Afriphone Literature as a Prototypical form of African Literature: Insights from Prototype Theory

Adams Bodomo

Abstract


What is the most prototypical form of African literature? Shouldn’t we be using African languages to produce African literary texts, shouldn’t we produce more Afriphone African literature compared to Europhone African literature or Afro-Europhone literature? This issue underlies the reality that the vast majority of African writers presumably think in one language and express themselves (speak, enchant, or write) in another. This problematic, crystalized in major debates between Ngugi wa Thiongo and others, on the one hand, and Chinua Achebe and others, on the other hand, has resulted in great challenges as to how we can define or even conceptualize the discipline of African literature. Is it literature written by Africans in African languages for Africans or is it literature written by anybody including non-Africans in non-African languages? Or is it somewhere in-between these two extremes? The paper discusses several positions on this major question in African literature before advancing a novel proposal based on insights and evidence from proto-type theory within Linguistics and the Cognitive Sciences. This proposal leads to a somewhat provocative conclusion about the gradation of African literatures, where African language literatures or Afrophone literatures, comprise the core, proto-typical category in a 21st Century African literature constellation, whereas foreign language and diasporic literatures such as Afro-European literatures, Afro-American literatures, and Afro-Chinese literatures are the hybrid and thus more recessive, peripheral types of African literature.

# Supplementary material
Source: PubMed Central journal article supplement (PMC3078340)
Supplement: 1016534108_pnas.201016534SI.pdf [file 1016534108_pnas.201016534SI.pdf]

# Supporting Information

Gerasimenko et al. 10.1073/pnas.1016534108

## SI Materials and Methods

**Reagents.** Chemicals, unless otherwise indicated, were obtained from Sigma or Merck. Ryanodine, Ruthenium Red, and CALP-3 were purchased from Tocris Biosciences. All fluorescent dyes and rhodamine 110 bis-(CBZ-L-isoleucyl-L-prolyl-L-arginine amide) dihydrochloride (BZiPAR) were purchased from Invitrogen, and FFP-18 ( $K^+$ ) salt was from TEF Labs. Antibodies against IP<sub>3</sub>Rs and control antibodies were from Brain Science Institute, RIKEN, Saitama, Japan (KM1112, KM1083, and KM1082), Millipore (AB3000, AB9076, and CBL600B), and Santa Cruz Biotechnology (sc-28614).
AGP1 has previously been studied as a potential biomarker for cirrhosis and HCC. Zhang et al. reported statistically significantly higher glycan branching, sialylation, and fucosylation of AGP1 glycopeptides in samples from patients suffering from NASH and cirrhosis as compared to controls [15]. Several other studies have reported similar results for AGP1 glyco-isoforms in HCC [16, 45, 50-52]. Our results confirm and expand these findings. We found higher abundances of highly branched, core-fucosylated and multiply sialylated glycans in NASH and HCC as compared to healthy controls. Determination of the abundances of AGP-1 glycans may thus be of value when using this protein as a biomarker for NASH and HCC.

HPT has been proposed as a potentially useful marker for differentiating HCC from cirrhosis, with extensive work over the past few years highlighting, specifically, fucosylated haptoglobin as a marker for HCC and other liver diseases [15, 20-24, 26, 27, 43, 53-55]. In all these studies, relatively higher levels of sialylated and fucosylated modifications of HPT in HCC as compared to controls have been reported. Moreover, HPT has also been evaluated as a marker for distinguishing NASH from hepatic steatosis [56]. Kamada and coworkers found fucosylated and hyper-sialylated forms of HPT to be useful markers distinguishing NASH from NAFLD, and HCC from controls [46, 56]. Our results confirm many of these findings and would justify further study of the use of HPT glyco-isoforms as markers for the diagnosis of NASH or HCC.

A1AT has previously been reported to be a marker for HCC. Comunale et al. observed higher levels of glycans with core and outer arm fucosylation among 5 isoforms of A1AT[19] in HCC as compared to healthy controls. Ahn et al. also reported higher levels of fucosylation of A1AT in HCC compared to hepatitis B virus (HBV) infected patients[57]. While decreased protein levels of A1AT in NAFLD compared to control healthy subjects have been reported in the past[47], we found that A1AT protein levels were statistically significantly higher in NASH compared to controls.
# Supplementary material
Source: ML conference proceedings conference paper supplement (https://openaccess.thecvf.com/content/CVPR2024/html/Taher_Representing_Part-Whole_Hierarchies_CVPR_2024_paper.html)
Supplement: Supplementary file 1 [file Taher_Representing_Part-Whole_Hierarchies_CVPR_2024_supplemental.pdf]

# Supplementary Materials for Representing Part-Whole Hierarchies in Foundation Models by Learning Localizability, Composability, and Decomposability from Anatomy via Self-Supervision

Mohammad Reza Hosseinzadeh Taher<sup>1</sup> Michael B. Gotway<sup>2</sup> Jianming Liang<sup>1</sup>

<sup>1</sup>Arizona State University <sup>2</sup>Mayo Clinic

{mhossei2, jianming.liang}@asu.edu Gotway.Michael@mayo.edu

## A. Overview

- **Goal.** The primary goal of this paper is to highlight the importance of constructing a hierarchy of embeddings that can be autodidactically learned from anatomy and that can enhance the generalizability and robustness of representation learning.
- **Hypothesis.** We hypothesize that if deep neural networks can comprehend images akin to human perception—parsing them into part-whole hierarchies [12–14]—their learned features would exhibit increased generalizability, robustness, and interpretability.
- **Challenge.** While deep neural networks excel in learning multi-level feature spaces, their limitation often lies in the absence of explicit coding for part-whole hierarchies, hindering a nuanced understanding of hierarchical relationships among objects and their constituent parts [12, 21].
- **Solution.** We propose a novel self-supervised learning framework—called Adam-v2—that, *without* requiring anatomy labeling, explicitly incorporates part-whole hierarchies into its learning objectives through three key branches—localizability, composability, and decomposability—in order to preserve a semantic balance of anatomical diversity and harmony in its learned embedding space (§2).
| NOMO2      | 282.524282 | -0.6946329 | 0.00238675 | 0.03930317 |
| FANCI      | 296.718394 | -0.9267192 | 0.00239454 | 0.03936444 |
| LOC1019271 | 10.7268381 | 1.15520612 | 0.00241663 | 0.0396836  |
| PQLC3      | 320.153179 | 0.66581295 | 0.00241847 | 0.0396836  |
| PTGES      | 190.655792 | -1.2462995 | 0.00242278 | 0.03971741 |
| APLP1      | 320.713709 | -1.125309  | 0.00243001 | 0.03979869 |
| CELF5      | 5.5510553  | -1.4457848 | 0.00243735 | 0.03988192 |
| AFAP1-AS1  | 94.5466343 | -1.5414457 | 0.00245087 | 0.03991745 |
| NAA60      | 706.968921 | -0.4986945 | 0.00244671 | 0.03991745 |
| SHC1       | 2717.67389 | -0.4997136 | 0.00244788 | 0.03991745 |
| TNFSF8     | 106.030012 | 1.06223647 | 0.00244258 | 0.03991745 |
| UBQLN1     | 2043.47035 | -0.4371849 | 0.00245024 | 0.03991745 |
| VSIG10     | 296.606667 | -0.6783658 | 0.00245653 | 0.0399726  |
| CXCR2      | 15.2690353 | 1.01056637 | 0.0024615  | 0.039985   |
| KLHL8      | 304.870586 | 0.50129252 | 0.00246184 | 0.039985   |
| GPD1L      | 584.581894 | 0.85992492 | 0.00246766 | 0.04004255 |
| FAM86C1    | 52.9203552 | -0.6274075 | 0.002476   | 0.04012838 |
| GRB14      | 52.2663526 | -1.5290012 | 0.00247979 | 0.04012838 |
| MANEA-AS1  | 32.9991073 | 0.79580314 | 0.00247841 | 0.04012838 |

Keywords: Afriphone literature, African language literature, African literature, proto-type theory, linguistics, cognitive Science


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References


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